... Surfers of the Web can easily earmark online storage space, which they can then use to safely store their data; indeed, they can also gain access to IT resources which they can employ to manage and sort their information according to their requirements. This paper builds on work which was originally presented at the IEEE International Conference on Smart Cloud 2016 [1]. ...
... Previous studies have put forth a security framework which can be used to protect the Virtual Machine (VM) image in cloud computing [1]. The present paper details exactly how the conceptual framework has been confirmed through interviews with experts in the field of cloud security. ...
... This section describes the research methodology which was used to confirm the framework and identify additional requirements which are necessary in order to secure cloud computing VM images, as shown in [1]. The initial framework, shown in Figure 2, was derived from the literature review. ...
Article
Full-text available
The concept of cloud computing has arisen thanks to academic work in the fields of utility computing, distributed computing, virtualisation, and web services. By using cloud computing, which can be accessed from anywhere, newly-launched businesses can minimise their start-up costs. Among the most important notions when it comes to the construction of cloud computing is virtualisation. While this concept brings its own security risks, these risks are not necessarily related to the cloud. The main disadvantage of using cloud computing is linked to safety and security. This is because anybody which chooses to employ cloud computing will use someone else's hard disk and CPU in order to sort and store data. In cloud environments, a great deal of importance is placed on guaranteeing that the virtual machine image is safe and secure. Indeed, a previous study has put forth a framework with which to protect the virtual machine image in cloud computing. As such, the present study is primarily concerned with confirming this theoretical framework so as to ultimately secure the virtual machine image in cloud computing. This will be achieved by carrying out interviews with experts in the field of cloud security.
... A security framework that tried to protect the Virtual Machine Images (VMI) in a cloud platform was devised by Hussein, Alenezi, Wills and Walters in (Hussein et al., 2016). The paper formulated a research path following which VMI security could be strengthened. ...
... A security framework that tried to protect the Virtual Machine Images (VMI) in a cloud platform was devised by Hussein, Alenezi, Wills and Walters in (Hussein et al., 2016). The paper formulated a research path following which VMI security could be strengthened. ...
... The VMI may include operating system like windows, Linux or Fedora and might contains other resources like applications that are created by organization such as database management system or application server [1]. There are some security issues associated with VMI in cloud computing that has harmful impact on the security of the cloud and might affect confidentiality, integrity or availability [2]. Threat modelling is conducted to identify security threats and draw possible routes threats might follow to attack the VMI. ...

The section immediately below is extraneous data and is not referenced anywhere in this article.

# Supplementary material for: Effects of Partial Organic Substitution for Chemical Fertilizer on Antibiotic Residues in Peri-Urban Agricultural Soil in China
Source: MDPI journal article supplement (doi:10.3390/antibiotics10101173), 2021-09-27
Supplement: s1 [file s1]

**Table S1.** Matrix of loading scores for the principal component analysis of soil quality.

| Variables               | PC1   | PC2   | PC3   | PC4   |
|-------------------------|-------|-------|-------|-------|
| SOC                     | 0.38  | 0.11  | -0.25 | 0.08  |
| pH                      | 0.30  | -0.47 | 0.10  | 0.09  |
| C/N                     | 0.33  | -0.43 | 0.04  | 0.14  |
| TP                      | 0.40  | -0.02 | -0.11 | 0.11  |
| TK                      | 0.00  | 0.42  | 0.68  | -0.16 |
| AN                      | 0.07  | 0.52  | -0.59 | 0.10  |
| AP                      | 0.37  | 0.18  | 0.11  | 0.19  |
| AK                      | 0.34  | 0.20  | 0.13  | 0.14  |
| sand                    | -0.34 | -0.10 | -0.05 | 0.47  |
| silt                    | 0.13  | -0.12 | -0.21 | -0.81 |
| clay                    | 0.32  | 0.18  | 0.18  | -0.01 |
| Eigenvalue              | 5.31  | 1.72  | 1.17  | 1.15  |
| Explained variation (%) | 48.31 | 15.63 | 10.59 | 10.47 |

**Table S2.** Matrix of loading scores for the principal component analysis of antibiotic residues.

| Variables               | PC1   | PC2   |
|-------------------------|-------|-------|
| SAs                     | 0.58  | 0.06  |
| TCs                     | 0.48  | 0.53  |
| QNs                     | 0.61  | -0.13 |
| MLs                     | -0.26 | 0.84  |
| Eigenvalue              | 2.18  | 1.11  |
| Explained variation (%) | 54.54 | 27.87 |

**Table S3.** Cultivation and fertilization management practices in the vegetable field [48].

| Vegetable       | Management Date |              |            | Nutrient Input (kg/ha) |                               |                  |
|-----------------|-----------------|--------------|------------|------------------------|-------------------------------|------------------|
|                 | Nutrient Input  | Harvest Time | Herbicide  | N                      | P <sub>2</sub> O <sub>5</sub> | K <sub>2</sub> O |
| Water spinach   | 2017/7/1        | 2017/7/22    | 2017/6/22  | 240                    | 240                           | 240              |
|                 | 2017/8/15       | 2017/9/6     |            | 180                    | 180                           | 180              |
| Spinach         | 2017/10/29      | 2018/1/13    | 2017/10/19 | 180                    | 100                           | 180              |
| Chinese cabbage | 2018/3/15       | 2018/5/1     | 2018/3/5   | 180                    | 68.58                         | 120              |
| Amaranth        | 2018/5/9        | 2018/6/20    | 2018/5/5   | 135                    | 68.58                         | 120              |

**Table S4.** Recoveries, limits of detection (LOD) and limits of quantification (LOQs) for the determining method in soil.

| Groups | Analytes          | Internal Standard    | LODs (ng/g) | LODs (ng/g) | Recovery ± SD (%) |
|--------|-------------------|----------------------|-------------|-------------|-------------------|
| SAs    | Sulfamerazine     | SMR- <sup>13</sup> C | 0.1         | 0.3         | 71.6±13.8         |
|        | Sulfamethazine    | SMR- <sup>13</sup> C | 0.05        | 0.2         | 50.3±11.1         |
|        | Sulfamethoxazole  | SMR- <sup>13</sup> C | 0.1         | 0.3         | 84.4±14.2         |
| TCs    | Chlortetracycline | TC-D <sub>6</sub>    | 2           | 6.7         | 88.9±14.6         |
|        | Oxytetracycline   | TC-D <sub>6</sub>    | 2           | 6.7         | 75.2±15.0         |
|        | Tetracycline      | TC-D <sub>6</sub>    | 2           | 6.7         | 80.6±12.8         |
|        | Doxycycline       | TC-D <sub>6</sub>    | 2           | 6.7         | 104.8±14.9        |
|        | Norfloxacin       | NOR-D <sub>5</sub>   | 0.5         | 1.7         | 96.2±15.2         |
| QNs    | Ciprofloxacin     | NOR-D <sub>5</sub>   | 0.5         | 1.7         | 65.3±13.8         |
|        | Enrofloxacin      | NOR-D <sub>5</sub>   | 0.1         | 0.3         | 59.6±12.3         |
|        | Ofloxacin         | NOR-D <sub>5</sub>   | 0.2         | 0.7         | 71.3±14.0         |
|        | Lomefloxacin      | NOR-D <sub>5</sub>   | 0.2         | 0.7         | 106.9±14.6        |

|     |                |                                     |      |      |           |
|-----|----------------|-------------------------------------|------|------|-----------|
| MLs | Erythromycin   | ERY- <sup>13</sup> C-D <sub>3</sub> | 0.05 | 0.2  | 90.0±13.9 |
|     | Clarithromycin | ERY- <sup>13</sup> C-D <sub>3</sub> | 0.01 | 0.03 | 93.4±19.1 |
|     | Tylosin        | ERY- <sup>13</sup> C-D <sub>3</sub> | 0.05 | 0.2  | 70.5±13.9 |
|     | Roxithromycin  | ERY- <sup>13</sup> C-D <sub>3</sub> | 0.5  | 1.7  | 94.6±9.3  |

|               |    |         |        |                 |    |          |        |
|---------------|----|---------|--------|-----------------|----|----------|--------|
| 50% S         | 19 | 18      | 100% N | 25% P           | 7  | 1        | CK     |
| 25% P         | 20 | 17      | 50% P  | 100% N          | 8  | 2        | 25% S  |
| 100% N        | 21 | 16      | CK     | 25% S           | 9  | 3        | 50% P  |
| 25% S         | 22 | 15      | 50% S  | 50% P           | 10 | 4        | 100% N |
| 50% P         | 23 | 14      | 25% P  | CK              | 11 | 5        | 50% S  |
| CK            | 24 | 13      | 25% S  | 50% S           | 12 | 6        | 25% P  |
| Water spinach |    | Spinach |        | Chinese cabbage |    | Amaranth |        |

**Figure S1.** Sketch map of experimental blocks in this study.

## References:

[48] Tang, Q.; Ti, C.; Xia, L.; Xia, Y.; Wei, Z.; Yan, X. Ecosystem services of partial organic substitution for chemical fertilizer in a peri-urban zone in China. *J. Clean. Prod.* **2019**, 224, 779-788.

... • dynamically provides infrastructure, platform, and software resources from any location of world over the internet in a pay-as-you-go basis; • offers an innovative business model for organizations to adopt IT without upfront investment (Behl and Behl 2012); • increases efficiency, reduces cost and time-to-market, and provides on-demand access to a shared pool of resources and services, provided with minimum management effort (Hussein et al. 2016); • offers ready-to-consume IT services that can reduce the IT overhead for starting a new business, enhance business agility, and reduce costs (Alkhalil et al. 2016). ...
Article
Full-text available
Collaborative networked organizations (CNOs) have been proposed as a response to the characteristics of highly competitive global business environments. So far, many projects have been funded to establish CNOs, however, most of these efforts have been done with traditional strategies. To move from the traditional methods of creating and operating inter-organizational collaborations towards Cloud-based solutions, we first adapt the Scrum methodology to being usable with specific characteristics of Cloud-oriented collaborations. In the following, we present a reference architecture for a system deployed on a Cloud provider offering the Creation phase of CNOs life cycle as a service. The goal is to show that Cloud is a potentially reliable, scalable, and cost-effective IT solution for exploitation of external knowledge resources, skills, and production facilities in CNO domain, where using traditional solutions were more challenging.
Article
Full-text available
Virtual Machine Image (VMI) is the building block of cloud infrastructure. It encapsulates the various applications and data deployed at the Cloud Service Provider (CSP) end. With the leading advances of cloud computing, comes the added concern of its security. Securing the Cloud infrastructure as a whole is based on the security of the underlying Virtual Machine Images (VMI). In this paper an attempt has been made to highlight the various risks faced by the CSP and Cloud Service Consumer (CSC) in the context of VMI related operations. Later, in this article a formal model of the cloud infrastructure has been proposed. Finally, the Ethereum blockchain has been incorporated to secure, track and manage all the vital operations of the VMIs. The immutable and decentralized nature of blockchain not only makes the proposed scheme more reliable but guarantees auditability of the system by maintaining the entire VMI history in the blockchain.